If I press Ctrl+3 or Command+3 on the Mac, I can see that we've got some medium grays in the Red Channel. If I press Ctrl+4 or Command+4, I can see that I've got some bright colors in the Green Channel. And then if I press Ctrl+5 or Command +5, I can see that I have utter and complete darkness here inside the Blue Channel, which means I'm really relying on the Red and Green Channels to get this work done. Anyway, I'm going to press Ctrl+2 or Command+2 to return to the RGB composite, and then I'll click there in that frog shoulder in order to select a pretty good range of greens without extending too far down into the mouth.
Now I'm going to reduce the Tolerance value by pressing the Enter key or the Return key on the Mac, and I'll change that value to 40. And then I'll go up to the Select menu and choose the Similar command. Now, the reason I went ahead and reduced that value in advance of choosing Similar is that Similar jumps the gaps, and that means it's going to select a lot more greens throughout the image. And if I don't crank down that Tolerance value in advance, then I'll end up selecting way too many colors. Now I'll go ahead and choose Similar, and notice that we've selected a wide range of greens.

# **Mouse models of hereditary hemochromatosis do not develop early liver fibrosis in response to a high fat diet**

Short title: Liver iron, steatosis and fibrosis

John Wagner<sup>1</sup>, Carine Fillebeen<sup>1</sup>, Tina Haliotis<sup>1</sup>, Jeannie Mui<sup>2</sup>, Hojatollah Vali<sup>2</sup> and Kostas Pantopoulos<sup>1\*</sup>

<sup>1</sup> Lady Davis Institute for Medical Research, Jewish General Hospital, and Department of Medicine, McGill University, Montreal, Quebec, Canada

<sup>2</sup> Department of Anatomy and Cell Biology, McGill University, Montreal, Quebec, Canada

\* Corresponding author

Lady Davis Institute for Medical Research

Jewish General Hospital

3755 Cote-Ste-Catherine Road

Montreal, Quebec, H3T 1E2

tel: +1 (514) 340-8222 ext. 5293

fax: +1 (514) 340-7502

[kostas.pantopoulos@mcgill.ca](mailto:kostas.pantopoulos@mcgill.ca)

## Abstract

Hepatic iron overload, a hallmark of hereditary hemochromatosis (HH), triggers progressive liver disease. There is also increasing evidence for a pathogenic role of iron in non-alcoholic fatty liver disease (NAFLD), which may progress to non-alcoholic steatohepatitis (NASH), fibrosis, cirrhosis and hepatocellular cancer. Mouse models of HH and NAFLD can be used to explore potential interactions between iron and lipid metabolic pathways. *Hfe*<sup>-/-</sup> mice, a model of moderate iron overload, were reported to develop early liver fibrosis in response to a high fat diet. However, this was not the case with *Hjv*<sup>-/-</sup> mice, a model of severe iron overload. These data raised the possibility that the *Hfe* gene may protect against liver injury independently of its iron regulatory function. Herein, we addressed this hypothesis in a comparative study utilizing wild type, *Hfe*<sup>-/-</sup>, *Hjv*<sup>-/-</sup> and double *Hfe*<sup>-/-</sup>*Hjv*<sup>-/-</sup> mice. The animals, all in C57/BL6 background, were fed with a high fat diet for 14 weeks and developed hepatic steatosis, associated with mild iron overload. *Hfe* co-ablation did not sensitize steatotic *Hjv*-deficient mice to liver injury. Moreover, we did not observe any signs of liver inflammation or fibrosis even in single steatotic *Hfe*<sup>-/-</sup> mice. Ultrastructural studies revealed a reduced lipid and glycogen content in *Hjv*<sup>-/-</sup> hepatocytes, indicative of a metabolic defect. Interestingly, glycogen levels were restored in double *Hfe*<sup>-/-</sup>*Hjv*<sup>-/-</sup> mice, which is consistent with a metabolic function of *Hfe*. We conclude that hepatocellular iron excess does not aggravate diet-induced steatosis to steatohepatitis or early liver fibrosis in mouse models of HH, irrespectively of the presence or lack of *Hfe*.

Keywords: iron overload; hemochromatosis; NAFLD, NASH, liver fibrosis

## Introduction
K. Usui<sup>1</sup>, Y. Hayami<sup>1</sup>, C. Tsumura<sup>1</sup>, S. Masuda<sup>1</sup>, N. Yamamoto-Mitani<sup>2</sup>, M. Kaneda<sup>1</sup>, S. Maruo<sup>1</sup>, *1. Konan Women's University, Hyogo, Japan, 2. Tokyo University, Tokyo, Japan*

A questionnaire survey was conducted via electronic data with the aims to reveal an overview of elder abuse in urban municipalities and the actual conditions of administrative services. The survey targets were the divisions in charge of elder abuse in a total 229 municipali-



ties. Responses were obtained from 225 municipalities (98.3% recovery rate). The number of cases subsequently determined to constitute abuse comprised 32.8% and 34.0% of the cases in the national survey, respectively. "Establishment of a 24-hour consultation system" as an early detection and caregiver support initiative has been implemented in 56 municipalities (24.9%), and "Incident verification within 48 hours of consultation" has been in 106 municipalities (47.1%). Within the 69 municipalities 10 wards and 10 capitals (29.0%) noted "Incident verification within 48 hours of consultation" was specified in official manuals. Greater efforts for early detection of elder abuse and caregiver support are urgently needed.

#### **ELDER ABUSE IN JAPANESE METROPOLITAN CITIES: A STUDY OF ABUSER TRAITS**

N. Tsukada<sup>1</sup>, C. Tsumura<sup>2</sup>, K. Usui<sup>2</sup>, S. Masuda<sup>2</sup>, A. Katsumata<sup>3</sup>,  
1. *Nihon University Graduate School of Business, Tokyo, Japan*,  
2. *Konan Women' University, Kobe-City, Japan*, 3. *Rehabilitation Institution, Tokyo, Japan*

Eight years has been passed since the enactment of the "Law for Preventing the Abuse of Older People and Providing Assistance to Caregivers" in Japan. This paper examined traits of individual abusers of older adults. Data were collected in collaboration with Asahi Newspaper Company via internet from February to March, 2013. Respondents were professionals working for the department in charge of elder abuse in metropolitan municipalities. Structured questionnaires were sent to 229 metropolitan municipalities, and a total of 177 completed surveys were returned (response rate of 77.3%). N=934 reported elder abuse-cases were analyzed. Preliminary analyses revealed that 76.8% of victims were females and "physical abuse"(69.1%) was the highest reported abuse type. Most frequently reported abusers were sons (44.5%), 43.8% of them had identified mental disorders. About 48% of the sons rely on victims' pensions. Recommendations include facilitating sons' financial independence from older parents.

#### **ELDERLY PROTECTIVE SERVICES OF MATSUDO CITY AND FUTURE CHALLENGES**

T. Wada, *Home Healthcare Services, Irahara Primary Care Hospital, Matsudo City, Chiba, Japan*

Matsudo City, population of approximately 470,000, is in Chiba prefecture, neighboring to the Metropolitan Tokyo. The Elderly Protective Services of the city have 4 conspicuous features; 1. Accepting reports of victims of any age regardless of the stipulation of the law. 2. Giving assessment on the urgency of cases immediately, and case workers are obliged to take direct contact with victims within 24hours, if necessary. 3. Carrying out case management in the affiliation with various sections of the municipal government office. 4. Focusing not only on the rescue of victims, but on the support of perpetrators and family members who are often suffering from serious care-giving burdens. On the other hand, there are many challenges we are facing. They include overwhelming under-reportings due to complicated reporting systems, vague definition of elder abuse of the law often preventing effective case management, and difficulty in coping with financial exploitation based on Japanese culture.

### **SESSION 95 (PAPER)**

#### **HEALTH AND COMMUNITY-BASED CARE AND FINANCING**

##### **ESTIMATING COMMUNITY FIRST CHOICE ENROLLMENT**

I've got a few selection flickers down here in the ground level as well. Ultimately, I don't want to select the ground, but we'll end up resolving that away using this awesome option that's available to us in the Masks panel. And you'll see how that works shortly. All right. From here on out we're going to Shift+Click a few times. So we can go ahead and take that Tolerance value back up. So I'm going to press the Enter key or the Return key on the Mac, change the Tolerance value to 80 once again, press Enter or Return in order to accept that value. Then I'll Shift+Click in the animal's nose, right about there, that bright green portion of the nose.
And then I'll drop down into kind of this bright area of mussle right there, and I'll Shift+Click right about there as well. And that pretty much takes care of the animal's face. The only thing left is to get a little bit more of this elbow over here, and I'm going to Shift+Click in this bright region of elbow, like so, in order to extend the selection, and that establishes my base selection. Now, it's not really anything to write home about. If you want to see what the selection looks like and evaluate its edges, then go ahead and switch over to the Channels panel and Alt+Click or Option+Click on that Save selection icon down there at the bottom of the panel, and let's go ahead and call this new Alpha Channel wand work and click OK.